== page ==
In a Bloomberg article published on 29 July 2022, Kantan Games’ CEO Serkan Toto said he couldn’t remember a recession in the last four decades which had had a significant impact on the industry. Millions of people worldwide may have lost their jobs and security during the most recent one, but it was widely acknowledged that they still consumed plenty of entertainment products. They spent more time at home while searching for new employment and video games helped fill those extra hours on their hands.
The situation right now is very different. The UK’s unemployment rate is still higher than pre-coronavirus levels but it’s gradually decreasing; and the cost-of-living crisis is putting many households under pressure. Energy prices are expected to reach almost £3,500 per year in October and a million adults are going entire days without eating. It’s such a sad state. Everyone is being far more careful with their spending and frivolities like those ‘entertainment products’ mentioned above just aren’t on the agenda.
Purchasing new video games right now is unnecessary anyway. We’ve been complaining for years about our backlogs filled with titles we haven’t played yet, plus subscriptions like Xbox Game Pass which saw us through the lockdowns have expanded our libraries. A GamesIndustry.biz article from 06 July 2022 quotes Newzoo’s Tom Wijman: “I expect the least affected [business models] will be those already positioned as live service or those that offer a subscription model, such as Riot Games and Microsoft.”
But as our finances are strained further, we may have to give up our subscriptions too. We’re also starting to realise how much they tie us to a particular company or game and that’s not necessarily something we want any more. Similar to how Elise from Game Praisers feels in this post, I recently cancelled mine for The Elder Scrolls Online because it made me feel obliged to play even when I didn’t want to. And Pete has stopped all but one of his Twitch subscriptions because he’s tired of the content.
Is there a danger of creativity being stifled even further as publishers continue to opt for safe bets?
Is the video game industry really recession-proof? The Ampere Analysis report says that while this is a fallacy, there’s no need to worry just yet. It states: “Games remain very good value for money and if consumers dial back on other discretionary spending but are at home more, the sector will be relatively well insulated from some of the worst effects of a global slowdown. Ampere currently expects the global market to spring back in 2023 as mature markets stabilise and growth markets continue the adoption of gaming.”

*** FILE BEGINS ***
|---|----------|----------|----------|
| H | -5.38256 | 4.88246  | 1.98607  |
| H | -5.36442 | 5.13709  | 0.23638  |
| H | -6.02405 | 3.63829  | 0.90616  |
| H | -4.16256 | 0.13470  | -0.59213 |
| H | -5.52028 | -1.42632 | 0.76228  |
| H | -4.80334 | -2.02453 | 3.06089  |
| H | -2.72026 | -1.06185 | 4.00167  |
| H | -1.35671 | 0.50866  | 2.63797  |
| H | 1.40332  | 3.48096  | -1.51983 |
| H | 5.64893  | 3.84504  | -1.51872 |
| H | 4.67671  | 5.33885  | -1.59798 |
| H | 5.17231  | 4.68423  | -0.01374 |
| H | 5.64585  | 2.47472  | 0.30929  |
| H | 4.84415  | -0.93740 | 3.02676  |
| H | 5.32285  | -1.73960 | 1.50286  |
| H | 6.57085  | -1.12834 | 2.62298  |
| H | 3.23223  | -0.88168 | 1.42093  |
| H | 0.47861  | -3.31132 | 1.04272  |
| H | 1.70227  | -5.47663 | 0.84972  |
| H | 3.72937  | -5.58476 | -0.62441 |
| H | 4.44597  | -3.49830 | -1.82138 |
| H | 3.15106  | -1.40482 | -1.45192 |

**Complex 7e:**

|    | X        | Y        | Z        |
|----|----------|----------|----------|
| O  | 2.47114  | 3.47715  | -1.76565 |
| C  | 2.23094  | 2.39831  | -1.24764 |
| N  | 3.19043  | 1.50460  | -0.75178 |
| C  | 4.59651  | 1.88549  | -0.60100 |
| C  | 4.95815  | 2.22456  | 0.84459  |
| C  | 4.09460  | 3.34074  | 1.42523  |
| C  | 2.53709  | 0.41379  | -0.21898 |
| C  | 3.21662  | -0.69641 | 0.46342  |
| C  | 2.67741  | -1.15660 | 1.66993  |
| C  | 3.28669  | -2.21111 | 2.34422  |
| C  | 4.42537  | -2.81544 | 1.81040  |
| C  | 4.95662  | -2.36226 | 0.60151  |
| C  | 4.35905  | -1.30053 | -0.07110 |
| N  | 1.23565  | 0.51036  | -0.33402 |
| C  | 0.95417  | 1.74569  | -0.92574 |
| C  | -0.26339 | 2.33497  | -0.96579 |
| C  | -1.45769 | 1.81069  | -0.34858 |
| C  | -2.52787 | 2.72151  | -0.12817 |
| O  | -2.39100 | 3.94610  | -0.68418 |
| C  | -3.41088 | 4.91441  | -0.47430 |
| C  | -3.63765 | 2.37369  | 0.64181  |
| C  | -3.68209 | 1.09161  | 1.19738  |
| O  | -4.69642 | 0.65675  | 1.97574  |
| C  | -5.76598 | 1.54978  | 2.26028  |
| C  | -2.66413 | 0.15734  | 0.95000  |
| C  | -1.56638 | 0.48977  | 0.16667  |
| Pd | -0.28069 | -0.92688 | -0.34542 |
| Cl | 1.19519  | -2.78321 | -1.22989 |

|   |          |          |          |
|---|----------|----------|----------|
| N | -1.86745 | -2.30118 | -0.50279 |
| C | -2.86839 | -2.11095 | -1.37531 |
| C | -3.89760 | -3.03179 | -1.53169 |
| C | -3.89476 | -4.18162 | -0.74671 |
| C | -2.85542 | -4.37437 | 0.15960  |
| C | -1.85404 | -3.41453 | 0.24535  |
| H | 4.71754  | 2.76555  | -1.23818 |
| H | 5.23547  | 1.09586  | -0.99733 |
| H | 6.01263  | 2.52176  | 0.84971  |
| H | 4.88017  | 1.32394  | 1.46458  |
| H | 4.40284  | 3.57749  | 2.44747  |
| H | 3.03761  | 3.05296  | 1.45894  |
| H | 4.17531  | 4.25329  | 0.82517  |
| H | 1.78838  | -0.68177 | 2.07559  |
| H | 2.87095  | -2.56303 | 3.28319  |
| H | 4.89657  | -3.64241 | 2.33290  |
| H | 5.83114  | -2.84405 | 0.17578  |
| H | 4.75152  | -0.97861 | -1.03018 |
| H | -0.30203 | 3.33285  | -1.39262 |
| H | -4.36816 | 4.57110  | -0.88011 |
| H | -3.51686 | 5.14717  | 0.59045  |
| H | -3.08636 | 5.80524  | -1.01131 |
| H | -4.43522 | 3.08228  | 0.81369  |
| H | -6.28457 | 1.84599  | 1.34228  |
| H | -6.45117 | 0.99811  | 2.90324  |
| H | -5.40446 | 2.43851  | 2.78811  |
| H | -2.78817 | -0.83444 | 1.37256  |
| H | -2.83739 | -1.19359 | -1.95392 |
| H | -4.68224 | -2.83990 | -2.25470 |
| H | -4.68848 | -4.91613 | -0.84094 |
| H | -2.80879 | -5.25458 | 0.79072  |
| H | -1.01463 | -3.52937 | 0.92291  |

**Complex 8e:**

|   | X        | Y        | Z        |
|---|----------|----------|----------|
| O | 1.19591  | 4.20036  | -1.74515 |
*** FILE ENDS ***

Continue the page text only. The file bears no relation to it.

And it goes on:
It seems other analysts hold similar views. They believe that, although the market is unlikely to see the same growth as the past two years, the outlook is optimistic. In the GamesIndustry.biz article referred to earlier, MIDiA co-founder Karol Severin is quoted: “The games industry is not going anywhere. But its dynamics will continue to evolve, away from a title sales dominated approach towards engagement-centric business models, subscriptions and in-game spending.”
I can imagine those last two terms are one many gamers didn’t want to hear. I include myself in that as I’m part of a generation whose members can remember paying for a game and receiving it in its entirety. There was no such thing as downloadable content (DLC), subscriptions or additional purchases back then. Although I understand these models make good business sense nowadays, is there a danger of creativity being stifled even further as publishers continue to opt for safe bets?
As mentioned earlier, I don’t have any expert knowledge about finance or the economy. This post is simply the thoughts of someone whose current studies have given them an interest in subjects like this and how data-driven decisions can affect an entire industry. Let’s see what the next five months of 2022 have in store.